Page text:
She, however, added that since the school has been chosen by the Kampala archdiocese to animate the Children's Day celebrations, which will take place in Namugongo over the weekend, she has pleaded with the teachers to remain on campus so that learners may rehearse for the day.
Our reporter also spoke with teachers at the same school to get their thoughts on the government threats. Deogratius Mujuzi pointed out that those in authority need to understand that threats are ineffective. He added that although some teachers might bow to the government's pressure for fear of being scrapped off the payroll, they might not fully engage in the teaching-learning process.
"That language of intimidation will not work because a teacher can go to class and fail to teach…The impact would be not producing good results," he said.
Similarly, Martin Kizito, the director of studies at Namugongo Boys primary school said that intimidation of teachers by the government is not a solution for the learners. Forcing teachers to school according to him will not make them teach.
In the Central region, several primary and arts subjects’ secondary teachers stayed away from school. For instance in Masaka district, the teachers have remained indifferent to the government’s instruction to end the industrial action.
At Luwero Girls primary school, there are 13 government teachers but the head teacher Aidah Ssebigajju said that none turned up today Monday and the classes are being managed by the few available private teachers.
Richard Bwabye, the Luwero resident district commissioner told URN that as a district, they had decided to go and court teachers to return to classrooms. According to Bwabye, a team from the district consisting of school inspectors will visit the schools and try to persuade the teachers to return to classes as government handles their requests.
District officials in other parts of the country have however decided to take more stern action. Gulu city clerk, Isaiah Tumwesigye, says that they will implement the government’s position of sacking teaching staff who won’t attend classes.
According to Tumwesigye, they are already collecting daily attendance of teachers from all government primary and secondary schools, adding that they won’t hesitate to terminate those who will defy the government’s directives.
Unatu leaders from different branches said that they will remain steadfast in their demand for better pay. Joseph Basisa, the chairperson of Unatu Nyakasanga Division in Kasese Municipality says they are ready to continue implementing the agreed-on position until they are guided otherwise. He says they don’t expect any member of Unatu and other affected teachers to be at school until they are advised to do so.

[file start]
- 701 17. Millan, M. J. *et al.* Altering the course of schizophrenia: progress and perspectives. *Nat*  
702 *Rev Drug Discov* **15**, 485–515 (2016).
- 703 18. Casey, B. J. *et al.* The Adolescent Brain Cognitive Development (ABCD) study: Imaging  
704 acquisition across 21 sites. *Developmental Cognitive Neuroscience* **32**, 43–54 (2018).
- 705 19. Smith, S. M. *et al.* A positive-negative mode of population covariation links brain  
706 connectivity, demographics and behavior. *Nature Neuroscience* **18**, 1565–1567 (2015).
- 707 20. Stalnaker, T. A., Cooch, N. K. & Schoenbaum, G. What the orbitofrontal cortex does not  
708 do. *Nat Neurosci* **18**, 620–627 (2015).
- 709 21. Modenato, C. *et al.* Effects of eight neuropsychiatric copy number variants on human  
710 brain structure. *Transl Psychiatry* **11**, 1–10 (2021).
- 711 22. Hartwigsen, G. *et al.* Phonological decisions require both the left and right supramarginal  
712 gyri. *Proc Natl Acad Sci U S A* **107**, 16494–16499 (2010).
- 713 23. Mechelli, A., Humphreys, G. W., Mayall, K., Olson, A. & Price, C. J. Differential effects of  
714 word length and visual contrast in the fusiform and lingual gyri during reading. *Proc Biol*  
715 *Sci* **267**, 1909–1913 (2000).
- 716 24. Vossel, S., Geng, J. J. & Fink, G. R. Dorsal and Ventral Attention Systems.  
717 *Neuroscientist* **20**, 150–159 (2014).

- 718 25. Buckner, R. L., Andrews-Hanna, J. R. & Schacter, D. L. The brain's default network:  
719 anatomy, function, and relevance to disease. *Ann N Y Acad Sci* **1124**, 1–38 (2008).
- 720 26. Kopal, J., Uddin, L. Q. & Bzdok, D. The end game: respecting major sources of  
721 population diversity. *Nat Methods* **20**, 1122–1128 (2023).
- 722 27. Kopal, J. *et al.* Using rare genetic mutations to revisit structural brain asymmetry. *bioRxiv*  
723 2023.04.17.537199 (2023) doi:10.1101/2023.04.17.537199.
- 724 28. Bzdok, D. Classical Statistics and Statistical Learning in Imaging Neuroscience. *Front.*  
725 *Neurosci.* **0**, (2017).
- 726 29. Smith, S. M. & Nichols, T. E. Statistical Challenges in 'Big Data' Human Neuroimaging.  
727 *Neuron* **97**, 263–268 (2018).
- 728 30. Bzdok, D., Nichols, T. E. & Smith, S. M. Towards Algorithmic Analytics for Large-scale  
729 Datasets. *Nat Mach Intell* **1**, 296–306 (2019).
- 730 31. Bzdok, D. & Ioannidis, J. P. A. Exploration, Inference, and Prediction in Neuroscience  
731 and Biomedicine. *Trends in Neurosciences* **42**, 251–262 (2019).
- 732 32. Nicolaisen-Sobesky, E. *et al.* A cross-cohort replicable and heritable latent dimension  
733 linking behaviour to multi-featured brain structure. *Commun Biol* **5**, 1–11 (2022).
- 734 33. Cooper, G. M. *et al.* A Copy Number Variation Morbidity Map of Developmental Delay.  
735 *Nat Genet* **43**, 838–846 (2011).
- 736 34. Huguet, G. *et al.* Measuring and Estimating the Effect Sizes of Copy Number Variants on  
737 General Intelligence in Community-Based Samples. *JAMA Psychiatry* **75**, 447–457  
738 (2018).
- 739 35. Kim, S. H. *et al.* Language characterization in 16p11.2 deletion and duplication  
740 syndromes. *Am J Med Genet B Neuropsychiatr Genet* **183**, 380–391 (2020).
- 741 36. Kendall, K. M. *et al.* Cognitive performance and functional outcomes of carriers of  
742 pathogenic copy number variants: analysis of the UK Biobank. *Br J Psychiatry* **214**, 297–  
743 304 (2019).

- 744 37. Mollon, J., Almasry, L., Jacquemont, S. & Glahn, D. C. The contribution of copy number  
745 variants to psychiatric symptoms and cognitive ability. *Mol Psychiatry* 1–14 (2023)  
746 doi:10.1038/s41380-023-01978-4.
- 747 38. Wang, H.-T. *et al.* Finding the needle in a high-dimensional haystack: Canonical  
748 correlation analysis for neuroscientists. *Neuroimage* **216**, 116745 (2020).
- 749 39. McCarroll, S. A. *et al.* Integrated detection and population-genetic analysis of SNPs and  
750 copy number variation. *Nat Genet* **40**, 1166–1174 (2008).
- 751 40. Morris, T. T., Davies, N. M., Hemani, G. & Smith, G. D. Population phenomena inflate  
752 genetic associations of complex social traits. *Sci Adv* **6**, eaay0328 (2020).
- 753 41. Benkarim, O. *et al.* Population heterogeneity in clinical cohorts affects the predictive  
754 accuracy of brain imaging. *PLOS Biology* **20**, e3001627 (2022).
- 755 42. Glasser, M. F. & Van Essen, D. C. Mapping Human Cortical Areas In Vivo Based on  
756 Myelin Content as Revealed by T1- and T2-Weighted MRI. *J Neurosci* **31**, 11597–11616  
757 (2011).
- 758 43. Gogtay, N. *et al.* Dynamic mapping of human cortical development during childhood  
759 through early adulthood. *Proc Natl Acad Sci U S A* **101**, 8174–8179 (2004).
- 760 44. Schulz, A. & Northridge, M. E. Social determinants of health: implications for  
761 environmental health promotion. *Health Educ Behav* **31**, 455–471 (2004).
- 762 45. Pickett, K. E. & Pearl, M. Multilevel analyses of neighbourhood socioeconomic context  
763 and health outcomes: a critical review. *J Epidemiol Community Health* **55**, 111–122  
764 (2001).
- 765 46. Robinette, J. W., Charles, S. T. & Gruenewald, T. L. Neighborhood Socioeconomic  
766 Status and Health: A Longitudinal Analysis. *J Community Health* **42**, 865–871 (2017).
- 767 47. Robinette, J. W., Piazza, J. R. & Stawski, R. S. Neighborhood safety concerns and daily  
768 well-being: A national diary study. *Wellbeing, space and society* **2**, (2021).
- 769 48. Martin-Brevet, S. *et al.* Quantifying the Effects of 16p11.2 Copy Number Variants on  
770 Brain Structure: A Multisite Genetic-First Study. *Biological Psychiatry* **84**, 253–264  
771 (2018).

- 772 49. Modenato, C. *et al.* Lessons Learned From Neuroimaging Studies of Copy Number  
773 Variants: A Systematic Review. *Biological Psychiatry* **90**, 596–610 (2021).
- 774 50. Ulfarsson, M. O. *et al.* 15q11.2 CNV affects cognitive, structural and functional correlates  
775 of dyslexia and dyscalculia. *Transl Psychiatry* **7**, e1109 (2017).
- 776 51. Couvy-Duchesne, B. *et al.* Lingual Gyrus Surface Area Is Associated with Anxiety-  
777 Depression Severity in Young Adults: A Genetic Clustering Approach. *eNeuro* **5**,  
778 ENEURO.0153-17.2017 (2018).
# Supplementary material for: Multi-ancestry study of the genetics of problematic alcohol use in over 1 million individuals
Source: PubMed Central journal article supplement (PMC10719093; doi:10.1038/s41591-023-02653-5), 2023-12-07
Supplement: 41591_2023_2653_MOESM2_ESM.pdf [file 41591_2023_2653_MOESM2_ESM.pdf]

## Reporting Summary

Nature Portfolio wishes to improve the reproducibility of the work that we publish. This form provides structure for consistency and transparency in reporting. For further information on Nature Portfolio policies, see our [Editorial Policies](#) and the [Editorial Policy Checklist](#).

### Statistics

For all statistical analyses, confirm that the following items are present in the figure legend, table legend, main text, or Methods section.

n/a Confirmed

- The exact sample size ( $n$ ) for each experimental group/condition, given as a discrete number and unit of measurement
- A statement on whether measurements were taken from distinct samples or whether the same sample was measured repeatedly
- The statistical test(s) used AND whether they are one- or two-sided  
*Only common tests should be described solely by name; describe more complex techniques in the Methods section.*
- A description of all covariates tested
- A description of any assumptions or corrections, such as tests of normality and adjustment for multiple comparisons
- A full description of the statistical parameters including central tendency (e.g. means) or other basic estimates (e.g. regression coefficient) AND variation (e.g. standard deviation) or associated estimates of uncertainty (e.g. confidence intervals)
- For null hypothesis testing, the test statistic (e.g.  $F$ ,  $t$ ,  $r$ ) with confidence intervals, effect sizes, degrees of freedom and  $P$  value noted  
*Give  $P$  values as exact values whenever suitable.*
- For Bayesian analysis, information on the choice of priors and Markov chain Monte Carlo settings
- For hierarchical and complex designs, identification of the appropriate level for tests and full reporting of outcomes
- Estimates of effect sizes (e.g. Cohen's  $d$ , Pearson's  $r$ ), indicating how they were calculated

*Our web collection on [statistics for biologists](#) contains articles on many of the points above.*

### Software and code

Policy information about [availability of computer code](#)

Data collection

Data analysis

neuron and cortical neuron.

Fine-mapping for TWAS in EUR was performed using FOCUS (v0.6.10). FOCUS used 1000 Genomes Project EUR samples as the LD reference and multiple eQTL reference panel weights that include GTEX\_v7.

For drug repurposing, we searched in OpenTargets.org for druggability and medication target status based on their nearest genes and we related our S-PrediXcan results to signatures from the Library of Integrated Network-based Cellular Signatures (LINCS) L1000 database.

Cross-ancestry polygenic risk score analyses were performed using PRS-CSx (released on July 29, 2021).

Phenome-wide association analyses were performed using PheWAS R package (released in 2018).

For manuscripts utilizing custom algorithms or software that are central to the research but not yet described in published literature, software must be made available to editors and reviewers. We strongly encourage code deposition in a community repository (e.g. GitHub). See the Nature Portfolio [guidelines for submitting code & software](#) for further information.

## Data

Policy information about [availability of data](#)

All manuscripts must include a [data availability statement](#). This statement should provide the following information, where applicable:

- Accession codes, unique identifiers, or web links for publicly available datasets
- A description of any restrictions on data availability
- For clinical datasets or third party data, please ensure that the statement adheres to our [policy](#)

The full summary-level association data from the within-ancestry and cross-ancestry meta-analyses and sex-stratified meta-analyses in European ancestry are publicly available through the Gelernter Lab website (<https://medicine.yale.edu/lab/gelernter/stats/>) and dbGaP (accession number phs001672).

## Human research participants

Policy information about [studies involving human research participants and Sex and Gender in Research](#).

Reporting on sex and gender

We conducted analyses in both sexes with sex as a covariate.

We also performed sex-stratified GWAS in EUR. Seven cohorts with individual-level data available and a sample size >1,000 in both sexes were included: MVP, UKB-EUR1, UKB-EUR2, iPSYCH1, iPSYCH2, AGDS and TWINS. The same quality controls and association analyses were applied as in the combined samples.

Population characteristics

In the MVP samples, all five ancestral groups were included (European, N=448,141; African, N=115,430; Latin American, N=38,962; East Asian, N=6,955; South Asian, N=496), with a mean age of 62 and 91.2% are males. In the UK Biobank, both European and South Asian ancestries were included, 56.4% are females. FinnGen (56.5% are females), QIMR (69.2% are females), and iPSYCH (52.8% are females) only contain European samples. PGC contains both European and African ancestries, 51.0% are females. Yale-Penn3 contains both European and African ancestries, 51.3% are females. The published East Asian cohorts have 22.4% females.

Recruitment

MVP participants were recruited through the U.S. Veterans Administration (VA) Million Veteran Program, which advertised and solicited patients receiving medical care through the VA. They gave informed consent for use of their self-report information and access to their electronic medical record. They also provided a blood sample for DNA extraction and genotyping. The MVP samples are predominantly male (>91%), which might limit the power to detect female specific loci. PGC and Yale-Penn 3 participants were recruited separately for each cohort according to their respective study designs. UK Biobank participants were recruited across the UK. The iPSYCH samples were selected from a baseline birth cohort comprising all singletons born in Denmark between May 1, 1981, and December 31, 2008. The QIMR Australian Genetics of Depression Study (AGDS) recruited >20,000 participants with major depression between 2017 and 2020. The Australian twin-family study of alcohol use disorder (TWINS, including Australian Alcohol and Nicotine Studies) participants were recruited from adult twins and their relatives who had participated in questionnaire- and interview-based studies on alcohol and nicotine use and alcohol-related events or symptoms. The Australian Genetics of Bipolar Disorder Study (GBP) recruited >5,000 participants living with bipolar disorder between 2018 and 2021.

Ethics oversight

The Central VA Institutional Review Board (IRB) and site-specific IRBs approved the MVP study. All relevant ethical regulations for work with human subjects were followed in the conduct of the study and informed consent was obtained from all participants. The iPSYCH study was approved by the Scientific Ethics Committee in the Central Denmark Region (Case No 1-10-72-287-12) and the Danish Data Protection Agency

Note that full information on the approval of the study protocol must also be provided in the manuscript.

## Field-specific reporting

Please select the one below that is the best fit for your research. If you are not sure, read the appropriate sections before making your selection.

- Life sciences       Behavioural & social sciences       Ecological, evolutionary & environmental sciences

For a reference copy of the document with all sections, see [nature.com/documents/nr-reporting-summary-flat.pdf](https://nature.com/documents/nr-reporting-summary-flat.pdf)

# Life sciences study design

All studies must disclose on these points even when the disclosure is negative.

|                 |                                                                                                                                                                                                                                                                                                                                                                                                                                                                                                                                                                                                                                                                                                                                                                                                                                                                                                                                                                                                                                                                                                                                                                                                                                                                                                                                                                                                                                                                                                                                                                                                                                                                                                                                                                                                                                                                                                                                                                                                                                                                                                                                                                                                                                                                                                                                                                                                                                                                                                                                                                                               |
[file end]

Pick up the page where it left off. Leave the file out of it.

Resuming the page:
Similarly, Anthony Chan, the Unatu representative in Gulu city said that they will not call off the strike despite threats from the government. He says whereas other private teachers at Gulu senior secondary school where he teaches are in class delivering normal classes, their colleagues on the government payroll have maintained their position not to return to class until a clear position is arrived at.
Herman Nsamba, the headteacher at St Gregory primary school Butende also the Unatu treasurer for Masaka city, indicates that their members are waiting for a pronouncement from the general secretary, who asked them to suspend their services. He argues that although some of the teachers can report to school, they will not conduct lessons as required until government considers their demands.
Fred Damba the chairman of the Unatu Entebbe Branch who visited nine government-aided schools by 9 am is happy that the majority of the 364 teachers have stayed home. Our reporter found Damba donning a Unatu shirt at Sacred Heart Bugonga Boys primary school where he is the deputy headteacher.
During the interview, learners were seen roaming around the school compound while others were playing in and outside classrooms. Some teachers however adhered to the government's call. In Hoima district, many teachers were found in classroom teaching.
Victory Kiiza, a teacher at Bukerenge primary school in Kitoba sub-county, where teaching was taking place said that they are sticking to their profession, adding that if they don’t report to class, the fate of pupils will be at stake moreover since they lost a lot during the two years when the country was ravaged by Covid-19. Kiiza urged his colleagues who are still embracing the industrial action to return to classes and resume lessons.
The Ganda do not allow other Ugandans to disorganise the regime on Ganda Soil. Yet, they (the Ganda) do not have the GUTS to do it themseves. Do you see the strategic problem?
I do not believe in your anlysis which brings division in Ugandan society. You can have your own problems with the ganda, but as a Ugandan, I have had ganda teachers, professors, University friends and work mates.
I have never had problems with them, but on the contrary good friends.
With this sort thinking, you only give pleasure to our psycophatic destructive ruling elite.
The problem at hand is a national problem and it affects everyone regardless of ethnic orientation. Uganda belongs to every Ugandan but our common problem is the ruling clique that is destroying the country.
At this hour where teachers and other professionals as well as the public at large are suffering, we need a common front to bring justice prevail in the country.